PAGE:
Analysis of 5-hmC content by immunohistochemistry may also be useful in the assessment of melanocytic tumors that evade definitive histologic diagnosis. A subset of melanocytic tumors do not fit criteria sufficient for a diagnosis of malignant melanoma but bear features that exclude them from well-established categories of benign but ‘atypical’ melanocytic neoplasms, such as the dysplastic nevus (20). The nomenclature of these indeterminate neoplasms is varied and inconsistent in the literature. Experts in the field have recommended that such a melanocytic neoplasm be referred to as a melanocytic tumor of uncertain malignant potential (MELTUMP) (20). Recently, we have observed that semi-quantification of 5-hmC immunohistochemical expression can help stratify such cases of MELTUMP and potentially identify those with a worse prognosis and, thereby, guide appropriate treatment (Figure 1B,C,D).
In summary, 5-hmC is an emerging diagnostic biomarker with significant translational potential for enhancing precision of melanoma staging, distinguishing benign from malignant melanocytic neoplasms, and aiding in the pathologic assessment of those that fall somewhere in between. Saldanha and colleagues’ important observations provide strong support for the continued development and maturation of this biomarker to improve accuracy and precision of melanoma AJCC staging guidelines. As melanoma is one of the most virulent forms of human malignancy, continued international efforts to explore the diagnostic and therapeutic applications of 5-hmC and TET enzyme dysregulation in melanoma are warranted.
Conflicts of Interest: The authors have no conflicts of interest to declare.
- Urteaga O, Pack GT. On the antiquity of melanoma. Cancer 1966;19:607-10. [Crossref] [PubMed]
- Robles-Espinoza CD, Roberts ND, Chen S, et al. Germline MC1R status influences somatic mutation burden in melanoma. Nat Commun 2016;7:12064. [Crossref] [PubMed]
- Bradford PT, Goldstein AM, McMaster ML, et al. Acral lentiginous melanoma: incidence and survival patterns in the United States, 1986-2005. Arch Dermatol 2009;145:427-34. [Crossref] [PubMed]
- American Cancer Society. Cancer Facts & Figures 2016. Atlanta, GA: American Cancer Society, 2016.
- Balch CM, Gershenwald JE, Soong SJ, et al. Final version of 2009 AJCC melanoma staging and classification. J Clin Oncol 2009;27:6199-206. [Crossref] [PubMed]
- Saldanha G, Joshi K, Lawes K, et al. 5-Hydroxymethylcytosine is an independent predictor of survival in malignant melanoma. Mod Pathol 2017;30:60-8. [Crossref] [PubMed]
- Tahiliani M, Koh KP, Shen Y, et al. Conversion of 5-methylcytosine to 5-hydroxymethylcytosine in mammalian DNA by MLL partner TET1. Science 2009;324:930-5. [Crossref] [PubMed]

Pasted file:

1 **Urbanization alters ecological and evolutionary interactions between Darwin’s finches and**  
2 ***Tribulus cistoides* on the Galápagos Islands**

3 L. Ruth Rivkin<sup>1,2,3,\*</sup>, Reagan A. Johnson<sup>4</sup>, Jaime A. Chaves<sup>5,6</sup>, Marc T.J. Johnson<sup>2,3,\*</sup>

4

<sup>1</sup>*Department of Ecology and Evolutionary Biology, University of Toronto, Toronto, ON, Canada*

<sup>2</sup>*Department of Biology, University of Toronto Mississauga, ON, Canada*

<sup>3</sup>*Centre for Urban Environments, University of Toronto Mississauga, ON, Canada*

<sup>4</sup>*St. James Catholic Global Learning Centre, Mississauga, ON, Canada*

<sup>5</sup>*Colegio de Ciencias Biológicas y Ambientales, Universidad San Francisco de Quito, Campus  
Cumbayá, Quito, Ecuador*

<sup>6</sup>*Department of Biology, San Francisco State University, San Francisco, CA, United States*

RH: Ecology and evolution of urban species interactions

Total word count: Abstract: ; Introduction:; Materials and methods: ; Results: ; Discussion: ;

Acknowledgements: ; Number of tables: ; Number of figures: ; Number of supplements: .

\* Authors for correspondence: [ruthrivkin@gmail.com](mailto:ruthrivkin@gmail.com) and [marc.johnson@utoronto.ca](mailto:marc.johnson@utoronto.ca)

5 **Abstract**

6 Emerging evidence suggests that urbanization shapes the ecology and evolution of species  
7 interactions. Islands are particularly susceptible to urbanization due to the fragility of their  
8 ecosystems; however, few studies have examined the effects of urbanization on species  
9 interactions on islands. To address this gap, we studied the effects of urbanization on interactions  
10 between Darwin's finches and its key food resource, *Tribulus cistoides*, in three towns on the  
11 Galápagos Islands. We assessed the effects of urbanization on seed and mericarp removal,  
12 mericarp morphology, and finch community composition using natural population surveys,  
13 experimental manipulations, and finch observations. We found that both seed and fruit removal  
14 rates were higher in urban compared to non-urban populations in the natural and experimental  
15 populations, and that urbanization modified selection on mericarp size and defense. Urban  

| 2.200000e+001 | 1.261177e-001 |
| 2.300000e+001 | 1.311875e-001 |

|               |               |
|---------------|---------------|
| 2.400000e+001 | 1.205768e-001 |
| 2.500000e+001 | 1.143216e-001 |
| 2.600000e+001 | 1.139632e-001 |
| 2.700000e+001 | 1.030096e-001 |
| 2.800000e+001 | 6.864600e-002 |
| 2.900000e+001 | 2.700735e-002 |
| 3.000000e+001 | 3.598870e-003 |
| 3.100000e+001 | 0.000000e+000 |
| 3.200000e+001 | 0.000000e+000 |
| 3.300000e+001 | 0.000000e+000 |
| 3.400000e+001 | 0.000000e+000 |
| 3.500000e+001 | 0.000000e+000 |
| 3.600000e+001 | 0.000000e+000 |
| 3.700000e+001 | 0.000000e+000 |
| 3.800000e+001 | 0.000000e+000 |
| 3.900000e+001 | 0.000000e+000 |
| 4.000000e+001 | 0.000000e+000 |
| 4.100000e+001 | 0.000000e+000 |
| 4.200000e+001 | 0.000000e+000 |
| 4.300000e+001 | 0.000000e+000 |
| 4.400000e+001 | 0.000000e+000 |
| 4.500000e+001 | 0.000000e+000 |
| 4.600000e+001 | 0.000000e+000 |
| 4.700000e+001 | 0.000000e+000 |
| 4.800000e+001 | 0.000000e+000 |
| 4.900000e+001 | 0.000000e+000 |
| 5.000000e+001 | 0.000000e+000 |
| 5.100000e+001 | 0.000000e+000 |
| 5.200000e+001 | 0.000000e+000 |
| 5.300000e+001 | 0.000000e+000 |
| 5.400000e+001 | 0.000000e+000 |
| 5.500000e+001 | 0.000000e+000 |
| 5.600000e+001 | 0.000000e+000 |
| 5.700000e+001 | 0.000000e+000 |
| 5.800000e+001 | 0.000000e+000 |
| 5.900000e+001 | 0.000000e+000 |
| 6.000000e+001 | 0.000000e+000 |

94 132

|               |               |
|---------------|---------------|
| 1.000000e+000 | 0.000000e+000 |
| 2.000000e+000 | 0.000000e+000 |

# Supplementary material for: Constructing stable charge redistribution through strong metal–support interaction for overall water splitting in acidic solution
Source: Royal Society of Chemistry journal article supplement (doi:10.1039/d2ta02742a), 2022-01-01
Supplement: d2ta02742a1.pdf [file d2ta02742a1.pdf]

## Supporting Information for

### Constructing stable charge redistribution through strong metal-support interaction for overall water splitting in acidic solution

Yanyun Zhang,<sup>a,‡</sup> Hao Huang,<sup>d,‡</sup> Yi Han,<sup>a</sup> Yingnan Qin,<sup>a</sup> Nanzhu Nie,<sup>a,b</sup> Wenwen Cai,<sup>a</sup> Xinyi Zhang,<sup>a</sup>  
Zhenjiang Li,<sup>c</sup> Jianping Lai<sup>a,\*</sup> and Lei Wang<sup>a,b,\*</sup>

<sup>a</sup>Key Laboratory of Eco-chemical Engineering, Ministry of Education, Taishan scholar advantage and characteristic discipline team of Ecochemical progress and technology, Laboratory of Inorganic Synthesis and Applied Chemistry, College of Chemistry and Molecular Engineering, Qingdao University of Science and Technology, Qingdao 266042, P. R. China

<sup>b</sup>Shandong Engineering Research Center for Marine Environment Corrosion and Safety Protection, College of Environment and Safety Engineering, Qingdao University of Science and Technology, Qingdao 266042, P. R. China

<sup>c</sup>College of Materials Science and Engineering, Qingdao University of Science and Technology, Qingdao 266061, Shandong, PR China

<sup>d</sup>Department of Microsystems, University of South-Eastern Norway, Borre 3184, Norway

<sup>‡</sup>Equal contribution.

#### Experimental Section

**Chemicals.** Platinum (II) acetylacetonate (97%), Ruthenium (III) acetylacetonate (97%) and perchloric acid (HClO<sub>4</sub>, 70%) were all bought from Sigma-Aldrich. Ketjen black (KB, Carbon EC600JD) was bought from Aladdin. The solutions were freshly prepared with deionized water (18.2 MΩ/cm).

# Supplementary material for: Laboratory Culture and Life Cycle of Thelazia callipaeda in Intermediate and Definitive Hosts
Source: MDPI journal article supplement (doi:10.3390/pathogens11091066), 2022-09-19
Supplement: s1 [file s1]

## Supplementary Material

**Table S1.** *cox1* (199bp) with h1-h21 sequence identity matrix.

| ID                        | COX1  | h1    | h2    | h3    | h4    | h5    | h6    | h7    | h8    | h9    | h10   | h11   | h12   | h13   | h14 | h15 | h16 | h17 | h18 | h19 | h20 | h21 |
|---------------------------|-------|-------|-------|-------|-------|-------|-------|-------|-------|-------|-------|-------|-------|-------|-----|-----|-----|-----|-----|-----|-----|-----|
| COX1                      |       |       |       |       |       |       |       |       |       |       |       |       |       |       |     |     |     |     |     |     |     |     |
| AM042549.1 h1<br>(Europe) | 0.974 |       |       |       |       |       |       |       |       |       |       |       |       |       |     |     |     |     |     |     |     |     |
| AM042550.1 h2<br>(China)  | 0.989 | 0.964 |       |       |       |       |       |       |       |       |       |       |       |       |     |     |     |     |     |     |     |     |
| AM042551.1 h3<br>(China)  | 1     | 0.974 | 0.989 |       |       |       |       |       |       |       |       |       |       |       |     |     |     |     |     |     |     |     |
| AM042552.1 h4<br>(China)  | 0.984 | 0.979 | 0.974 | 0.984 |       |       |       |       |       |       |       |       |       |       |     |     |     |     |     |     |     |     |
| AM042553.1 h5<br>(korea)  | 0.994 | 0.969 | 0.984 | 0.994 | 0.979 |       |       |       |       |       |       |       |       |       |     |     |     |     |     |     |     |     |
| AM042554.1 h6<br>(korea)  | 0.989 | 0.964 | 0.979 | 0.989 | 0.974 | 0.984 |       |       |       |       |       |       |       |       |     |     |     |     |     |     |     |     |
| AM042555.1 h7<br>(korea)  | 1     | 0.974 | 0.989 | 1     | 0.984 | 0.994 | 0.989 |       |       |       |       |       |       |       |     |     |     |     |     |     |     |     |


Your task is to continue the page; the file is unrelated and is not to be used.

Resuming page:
- Lee JJ, Murphy GF, Lian CG. Melanoma epigenetics: novel mechanisms, markers, and medicines. Lab Invest 2014;94:822-38. [Crossref] [PubMed]
- Lian CG, Xu Y, Ceol C, et al. Loss of 5-hydroxymethylcytosine is an epigenetic hallmark of melanoma. Cell 2012;150:1135-46. [Crossref] [PubMed]
- Song F, Amos CI, Lee JE, et al. Identification of a melanoma susceptibility locus and somatic mutation in TET2. Carcinogenesis 2014;35:2097-101. [Crossref] [PubMed]
- Xu W, Yang H, Liu Y, et al. Oncometabolite 2-hydroxyglutarate is a competitive inhibitor of alpha-ketoglutarate-dependent dioxygenases. Cancer Cell 2011;19:17-30. [Crossref] [PubMed]
- Lian CG, Murphy GF. The Genetic Evolution of Melanoma. N Engl J Med 2016;374:994-5. [PubMed]
- Jäwert F, Hasseus B, Kjeller G, et al. Loss of 5-hydroxymethylcytosine and TET2 in oral squamous cell carcinoma. Anticancer Res 2013;33:4325-8. [PubMed]
- Yang Q, Wu K, Ji M, et al. Decreased 5-hydroxymethylcytosine (5-hmC) is an independent poor prognostic factor in gastric cancer patients. J Biomed Nanotechnol 2013;9:1607-16. [Crossref] [PubMed]
- Bhattacharyya S, Yu Y, Suzuki M, et al. Genome-wide hydroxymethylation tested using the HELP-GT assay shows redistribution in cancer. Nucleic Acids Res 2013;41:e157. [Crossref] [PubMed]
- Haffner MC, Chaux A, Meeker AK, et al. Global 5-hydroxymethylcytosine content is significantly reduced in tissue stem/progenitor cell compartments and in human cancers. Oncotarget 2011;2:627-37. [Crossref] [PubMed]
- Carson KF, Wen DR, Li PX, et al. Nodal nevi and cutaneous melanomas. Am J Surg Pathol 1996;20:834-40. [Crossref] [PubMed]
- Lee JJ, Granter SR, Laga AC, et al. 5-Hydroxymethylcytosine expression in metastatic melanoma versus nodal nevus in sentinel lymph node biopsies. Mod Pathol 2015;28:218-29. [Crossref] [PubMed]
- Pavlova O, Fraitag S, Hohl D. 5-Hydroxymethylcytosine Expression in Proliferative Nodules Arising within Congenital Nevi Allows Differentiation from Malignant Melanoma. J Investig Dermatol 2016;136:2453-61. [Crossref] [PubMed]
- Cerroni L, Barnhill R, Elder D, et al. Melanocytic tumors of uncertain malignant potential: results of a tutorial held at the XXIX Symposium of the International Society of Dermatopathology in Graz, October 2008. Am J Surg Pathol 2010;34:314-26. [Crossref] [PubMed]
Cite this article as: Lee JJ, Lian CG. Loss of 5-hydroxymethycytosine: enhancing precision in the diagnosis and prognosis of cutaneous malignant melanoma. J Public Health Emerg 2017;1:24.